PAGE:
PART 4: Top 50 post-isolation Springboks
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TODAY we get into the top 20 of our daily series of Top 50 post-isolation Springboks and this is where things begin to get interesting, and it becomes harder to rank the players.
These are some of the biggest names in South African rugby over the last 30 years, and an argument could be made for each of them to be named in the top 10.
As stated before, there’s absolutely no science used here, and Part
have already angered some folks on social media.
During the week, we’ve been encouraging our readers to come up with their own lists, and who knows, one day we could collate a Top 50 that involves more than just one man’s opinion.
Having a look at today’s players, and those named in the previous three parts, you could probably name the 10 that will be named in Friday’s Top 10 greatest post-isolation Springboks.
These are the players who come in at 20 to 11.
20. Handre Pollard (48 caps)
There was a lot of excitement around the country when the Baby Boks won the Junior World Championships back in 2012. Pollard was the backline general, and there was a lot of belief that he could go on to become the next big flyhalf of South African rugby. The former Paarl Gimnasium boy is now a World Cup winner and has made the number 10 jersey his own despite facing some strong competition for it. Over the last couple of years, Pollard’s boot has been one of the Springboks’ most reliable weapons.
19. Rassie Erasmus (36 caps)
In his heyday, the Springboks’ World Cup-winning coach was part of one of the greatest loose trios the country has ever had, playing alongside Andre Venter and Gary Teichmann. Erasmus, who hails from the same Eastern Cape town as Danie Gerber, was a handy ball-carrying flanker who was way ahead of his time. His ability to study the game has served him well in his coaching career as well.
18. Gary Teichmann (42 caps)
The Zimbabwe-born Gary Teichmann was a fantastic leader. He succeeded the World Cup-winning Francois Pienaar to the role of Springbok captain, and he more than held his own. He led the side to an impressive Tri Nations win in 1998, which also coincided with the team’s record-equalling winning streak that lasted for 17 Tests. For the 1999 World Cup, he was dropped for the other Zimbabwean-born number 8 who also went to Hilton College and his absence in the side was felt during that tournament.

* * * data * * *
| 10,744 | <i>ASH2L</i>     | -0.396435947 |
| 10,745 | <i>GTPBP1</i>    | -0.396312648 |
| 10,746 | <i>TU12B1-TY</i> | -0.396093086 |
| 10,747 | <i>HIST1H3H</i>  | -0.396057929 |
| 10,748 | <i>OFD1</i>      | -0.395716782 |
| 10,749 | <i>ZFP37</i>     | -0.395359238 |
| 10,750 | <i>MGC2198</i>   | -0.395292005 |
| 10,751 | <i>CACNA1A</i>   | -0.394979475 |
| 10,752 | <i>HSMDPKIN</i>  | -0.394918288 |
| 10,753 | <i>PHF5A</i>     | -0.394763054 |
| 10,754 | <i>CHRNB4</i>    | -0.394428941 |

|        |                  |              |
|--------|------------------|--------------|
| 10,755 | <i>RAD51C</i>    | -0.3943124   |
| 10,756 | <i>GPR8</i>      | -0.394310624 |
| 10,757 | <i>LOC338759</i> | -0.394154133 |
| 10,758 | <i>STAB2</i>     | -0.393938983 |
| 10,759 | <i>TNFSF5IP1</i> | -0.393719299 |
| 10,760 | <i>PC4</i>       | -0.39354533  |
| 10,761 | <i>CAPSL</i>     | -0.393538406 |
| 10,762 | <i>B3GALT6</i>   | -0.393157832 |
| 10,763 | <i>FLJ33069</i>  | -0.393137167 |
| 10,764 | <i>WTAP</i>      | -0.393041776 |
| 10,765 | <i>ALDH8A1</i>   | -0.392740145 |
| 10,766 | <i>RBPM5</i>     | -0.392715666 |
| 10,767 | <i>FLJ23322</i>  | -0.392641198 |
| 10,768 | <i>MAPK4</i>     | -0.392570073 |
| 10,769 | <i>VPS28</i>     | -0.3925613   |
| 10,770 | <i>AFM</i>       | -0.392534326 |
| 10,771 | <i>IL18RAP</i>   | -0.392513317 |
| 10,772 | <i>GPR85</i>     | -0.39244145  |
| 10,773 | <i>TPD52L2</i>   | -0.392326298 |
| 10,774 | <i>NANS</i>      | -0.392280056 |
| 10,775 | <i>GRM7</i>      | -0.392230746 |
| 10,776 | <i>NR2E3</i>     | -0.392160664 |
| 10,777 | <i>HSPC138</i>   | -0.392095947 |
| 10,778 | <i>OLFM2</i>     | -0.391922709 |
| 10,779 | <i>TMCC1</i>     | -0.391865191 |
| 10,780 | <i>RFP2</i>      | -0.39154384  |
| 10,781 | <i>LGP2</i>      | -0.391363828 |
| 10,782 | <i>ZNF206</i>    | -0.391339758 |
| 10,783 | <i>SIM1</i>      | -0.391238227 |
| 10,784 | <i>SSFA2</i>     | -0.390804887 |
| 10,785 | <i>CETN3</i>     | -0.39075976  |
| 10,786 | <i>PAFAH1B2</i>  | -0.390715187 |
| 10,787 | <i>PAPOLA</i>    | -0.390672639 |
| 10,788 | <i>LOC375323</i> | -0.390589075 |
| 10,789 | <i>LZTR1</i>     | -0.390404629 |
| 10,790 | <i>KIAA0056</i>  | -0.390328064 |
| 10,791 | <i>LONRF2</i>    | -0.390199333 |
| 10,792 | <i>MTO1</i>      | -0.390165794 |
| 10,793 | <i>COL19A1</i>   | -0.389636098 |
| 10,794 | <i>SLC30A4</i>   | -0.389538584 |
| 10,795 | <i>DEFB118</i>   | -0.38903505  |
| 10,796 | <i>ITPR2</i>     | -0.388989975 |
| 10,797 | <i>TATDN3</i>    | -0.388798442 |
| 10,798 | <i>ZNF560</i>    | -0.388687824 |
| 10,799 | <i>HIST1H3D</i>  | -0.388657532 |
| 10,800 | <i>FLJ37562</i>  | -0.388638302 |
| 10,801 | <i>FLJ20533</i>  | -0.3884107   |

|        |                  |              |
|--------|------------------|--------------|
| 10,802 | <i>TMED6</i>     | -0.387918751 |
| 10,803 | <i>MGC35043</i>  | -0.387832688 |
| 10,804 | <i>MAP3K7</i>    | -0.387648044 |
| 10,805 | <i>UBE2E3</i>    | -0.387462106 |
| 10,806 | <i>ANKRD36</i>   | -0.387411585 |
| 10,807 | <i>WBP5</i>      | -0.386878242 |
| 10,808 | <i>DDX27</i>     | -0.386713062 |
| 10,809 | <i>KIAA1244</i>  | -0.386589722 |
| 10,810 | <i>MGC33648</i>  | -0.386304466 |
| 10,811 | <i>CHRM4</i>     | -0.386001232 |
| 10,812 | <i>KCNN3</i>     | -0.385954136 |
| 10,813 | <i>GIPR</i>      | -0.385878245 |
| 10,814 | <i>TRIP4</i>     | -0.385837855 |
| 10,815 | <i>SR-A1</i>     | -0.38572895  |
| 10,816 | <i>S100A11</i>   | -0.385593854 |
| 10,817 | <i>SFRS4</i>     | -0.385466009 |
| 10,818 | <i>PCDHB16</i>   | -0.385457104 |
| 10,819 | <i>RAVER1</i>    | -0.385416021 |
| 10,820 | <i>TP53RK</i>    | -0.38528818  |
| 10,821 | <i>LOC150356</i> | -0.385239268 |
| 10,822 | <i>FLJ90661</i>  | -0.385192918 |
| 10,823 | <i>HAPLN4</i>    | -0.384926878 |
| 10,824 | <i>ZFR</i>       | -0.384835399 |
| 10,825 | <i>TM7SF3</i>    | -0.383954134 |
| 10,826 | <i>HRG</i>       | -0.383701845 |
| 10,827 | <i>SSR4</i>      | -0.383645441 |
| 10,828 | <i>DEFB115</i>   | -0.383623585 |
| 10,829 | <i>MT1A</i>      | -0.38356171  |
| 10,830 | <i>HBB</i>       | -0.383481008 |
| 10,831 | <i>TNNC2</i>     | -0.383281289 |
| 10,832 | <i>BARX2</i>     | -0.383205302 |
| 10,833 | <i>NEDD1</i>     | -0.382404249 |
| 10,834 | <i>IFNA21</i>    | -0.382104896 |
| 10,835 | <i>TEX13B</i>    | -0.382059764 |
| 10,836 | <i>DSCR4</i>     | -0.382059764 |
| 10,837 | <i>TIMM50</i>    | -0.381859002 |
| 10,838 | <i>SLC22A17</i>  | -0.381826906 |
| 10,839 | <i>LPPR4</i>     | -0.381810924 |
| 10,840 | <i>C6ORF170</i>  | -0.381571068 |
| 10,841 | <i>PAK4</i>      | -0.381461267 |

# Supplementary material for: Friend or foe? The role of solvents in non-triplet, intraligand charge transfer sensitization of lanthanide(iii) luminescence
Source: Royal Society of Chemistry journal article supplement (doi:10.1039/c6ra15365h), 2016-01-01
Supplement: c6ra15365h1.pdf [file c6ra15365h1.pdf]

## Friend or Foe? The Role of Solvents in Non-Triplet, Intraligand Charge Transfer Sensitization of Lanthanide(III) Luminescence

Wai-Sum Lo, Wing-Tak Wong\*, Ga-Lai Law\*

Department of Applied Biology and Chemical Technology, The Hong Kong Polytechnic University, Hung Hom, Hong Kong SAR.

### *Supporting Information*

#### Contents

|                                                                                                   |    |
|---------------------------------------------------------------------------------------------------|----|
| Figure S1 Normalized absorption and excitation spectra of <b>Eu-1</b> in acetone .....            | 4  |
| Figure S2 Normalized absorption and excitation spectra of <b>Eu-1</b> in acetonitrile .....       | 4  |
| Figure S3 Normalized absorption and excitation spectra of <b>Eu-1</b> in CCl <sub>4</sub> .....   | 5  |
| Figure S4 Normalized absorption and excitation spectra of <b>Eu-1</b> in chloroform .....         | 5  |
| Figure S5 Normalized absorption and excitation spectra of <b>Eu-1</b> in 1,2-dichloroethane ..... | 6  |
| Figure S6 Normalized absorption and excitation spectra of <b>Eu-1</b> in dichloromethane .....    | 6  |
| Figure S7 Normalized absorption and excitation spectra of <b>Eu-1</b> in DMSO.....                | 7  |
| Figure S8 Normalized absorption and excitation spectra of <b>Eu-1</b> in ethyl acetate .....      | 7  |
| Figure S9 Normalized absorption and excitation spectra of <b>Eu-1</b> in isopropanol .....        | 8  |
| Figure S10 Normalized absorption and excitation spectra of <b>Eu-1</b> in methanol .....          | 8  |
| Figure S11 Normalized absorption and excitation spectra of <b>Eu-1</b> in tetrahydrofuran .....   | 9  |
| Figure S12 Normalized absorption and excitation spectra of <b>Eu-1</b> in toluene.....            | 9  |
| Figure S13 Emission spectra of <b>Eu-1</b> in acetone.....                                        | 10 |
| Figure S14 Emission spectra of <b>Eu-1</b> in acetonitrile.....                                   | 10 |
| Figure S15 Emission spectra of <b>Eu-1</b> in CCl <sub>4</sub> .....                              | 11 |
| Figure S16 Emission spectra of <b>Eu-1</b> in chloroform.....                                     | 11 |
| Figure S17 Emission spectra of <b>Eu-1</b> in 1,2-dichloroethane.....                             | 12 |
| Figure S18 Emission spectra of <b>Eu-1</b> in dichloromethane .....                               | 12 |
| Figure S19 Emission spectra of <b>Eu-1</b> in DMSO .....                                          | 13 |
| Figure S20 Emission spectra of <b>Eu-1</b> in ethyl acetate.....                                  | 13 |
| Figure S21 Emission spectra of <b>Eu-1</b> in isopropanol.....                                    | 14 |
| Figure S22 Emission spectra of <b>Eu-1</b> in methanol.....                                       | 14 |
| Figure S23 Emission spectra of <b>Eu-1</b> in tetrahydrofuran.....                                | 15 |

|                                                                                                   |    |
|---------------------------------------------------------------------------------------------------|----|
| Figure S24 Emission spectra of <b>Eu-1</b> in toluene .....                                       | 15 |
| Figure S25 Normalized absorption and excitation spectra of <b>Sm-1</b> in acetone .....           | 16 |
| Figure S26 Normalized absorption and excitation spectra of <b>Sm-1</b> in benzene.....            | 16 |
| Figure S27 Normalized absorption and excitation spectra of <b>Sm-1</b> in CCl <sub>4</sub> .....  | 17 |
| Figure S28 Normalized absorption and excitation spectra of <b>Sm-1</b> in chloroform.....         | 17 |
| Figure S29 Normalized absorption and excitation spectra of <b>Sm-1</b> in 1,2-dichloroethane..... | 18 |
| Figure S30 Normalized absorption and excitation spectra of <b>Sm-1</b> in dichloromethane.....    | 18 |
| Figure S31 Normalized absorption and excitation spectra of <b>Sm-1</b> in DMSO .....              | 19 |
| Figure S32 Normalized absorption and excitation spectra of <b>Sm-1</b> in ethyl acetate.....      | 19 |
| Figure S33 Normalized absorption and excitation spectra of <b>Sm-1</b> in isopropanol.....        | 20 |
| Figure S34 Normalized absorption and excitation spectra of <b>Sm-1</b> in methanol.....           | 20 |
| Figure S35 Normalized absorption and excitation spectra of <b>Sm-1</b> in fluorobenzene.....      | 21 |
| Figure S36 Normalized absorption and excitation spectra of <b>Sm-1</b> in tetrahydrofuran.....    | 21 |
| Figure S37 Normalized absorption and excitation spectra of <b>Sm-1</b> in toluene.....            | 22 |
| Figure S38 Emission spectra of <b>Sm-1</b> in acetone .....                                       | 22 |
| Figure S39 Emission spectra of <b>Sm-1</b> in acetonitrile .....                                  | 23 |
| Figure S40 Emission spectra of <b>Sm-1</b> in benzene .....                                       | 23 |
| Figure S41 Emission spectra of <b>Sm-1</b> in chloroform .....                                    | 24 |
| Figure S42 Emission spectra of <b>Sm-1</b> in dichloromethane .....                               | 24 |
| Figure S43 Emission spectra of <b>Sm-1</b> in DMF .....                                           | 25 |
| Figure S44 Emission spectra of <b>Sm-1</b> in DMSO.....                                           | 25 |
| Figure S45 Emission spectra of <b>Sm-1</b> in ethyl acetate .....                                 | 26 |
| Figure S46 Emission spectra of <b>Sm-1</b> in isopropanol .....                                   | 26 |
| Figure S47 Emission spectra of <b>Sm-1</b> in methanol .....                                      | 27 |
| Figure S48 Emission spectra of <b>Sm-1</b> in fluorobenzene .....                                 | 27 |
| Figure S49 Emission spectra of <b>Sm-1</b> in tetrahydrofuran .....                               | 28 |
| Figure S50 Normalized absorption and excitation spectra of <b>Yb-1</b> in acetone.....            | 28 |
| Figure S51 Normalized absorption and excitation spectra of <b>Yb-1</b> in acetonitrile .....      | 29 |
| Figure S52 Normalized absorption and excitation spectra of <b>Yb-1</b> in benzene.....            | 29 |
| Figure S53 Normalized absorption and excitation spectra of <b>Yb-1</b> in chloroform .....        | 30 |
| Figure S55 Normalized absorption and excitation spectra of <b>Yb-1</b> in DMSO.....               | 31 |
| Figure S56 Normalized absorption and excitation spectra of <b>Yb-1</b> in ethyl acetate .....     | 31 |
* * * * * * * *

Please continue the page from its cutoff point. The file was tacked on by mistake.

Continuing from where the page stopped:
17. Morne Steyn (66 caps)
With 736 Tests points, Morne Steyn is second on the most Springboks points list behind Percy Montgomery. The kicking machine’s ability with the boot has also seen him 390 points in the Rugby Championship, placing him second behind Dan Carter. He was a member of the team that won the 2009 Tri Nations, and was also the top points scorer at the 2011 World Cup in New Zealand. He was Mr Reliable.
16. Andre Joubert (34 caps)
Jouba was the original Rolls Royce of Sout African rugby. A classy fullback who made everything look easy, he was a beautiful rugby player to watch. His Test career ended in 1997, at the dawn of the professional era, but he played an important part in helping the side win the World Cup two years earlier. And remember, he played in the final with a broken hand.
15. Andre Venter (66 caps)
The former Cheetas and Cats man was an important player in every side that he played in. He defined the blindside flanker’s role that today’s players are compared to him. As stated before, his back row partnership with Rassie Erasmus and Gary Teichmann helped the Boks go on an impressive run of 17 consecutive Test wins.
14. Eben Etzebeth (85 caps)
The big lock has been synonymous with the Springboks ever since making his debut as a 21-year-old back in 2012. His biggest weapon is his physicality, which comes in handy in close quarters, and when the Boks need to out-muscle their opponents. If he can clear his name following last year’s infamous Langebaan incident, he’ll carry on being a menacing presence for many opposing locks for years to come. If not, then it’s possible his Test career won’t last for much longer.
13. Siya Kolisi (50 caps)
We’ve all heard the story about how Siya Kolisi had to sneak into a tavern in Zwide to watch the Boks in the 2007 World Cup final against England. We’ve heard about his inspirational tale from rags to riches, and how he became the first black Springbok captain. And last year, we watched him lead the team from the front to ultimately lift the William Webb Ellis trophy. What a tale.
12. Duane Vermeulen (54 caps)
We all feel a little more optimistic about the Springboks’ chances when Duane Vermeulen is on the park. The big man is one of the most dangerous ball carriers in the world, and has formed an impressive partnership with Pieter-Steph du Toit and Siya Kolisi in the back row. As he’s on the wrong side of 30, it’s still to be seen what his future involvement is with the Springboks. He’s been a joy to watch over the years.
11. Bakkies Botha (85 caps)
Unfortunately, Bakkies Botha just misses out on a place in the top 10. He was a fantastic servant to the game, serving the Springboks with distinction 2002 and 2014. His second-row partnership with good friend Victor Matfield at Test and franchise level is the stuff of legend. During his time in the national team, he was one of the hardest men in world rugby, which made him a nightmare for everyone he came up against.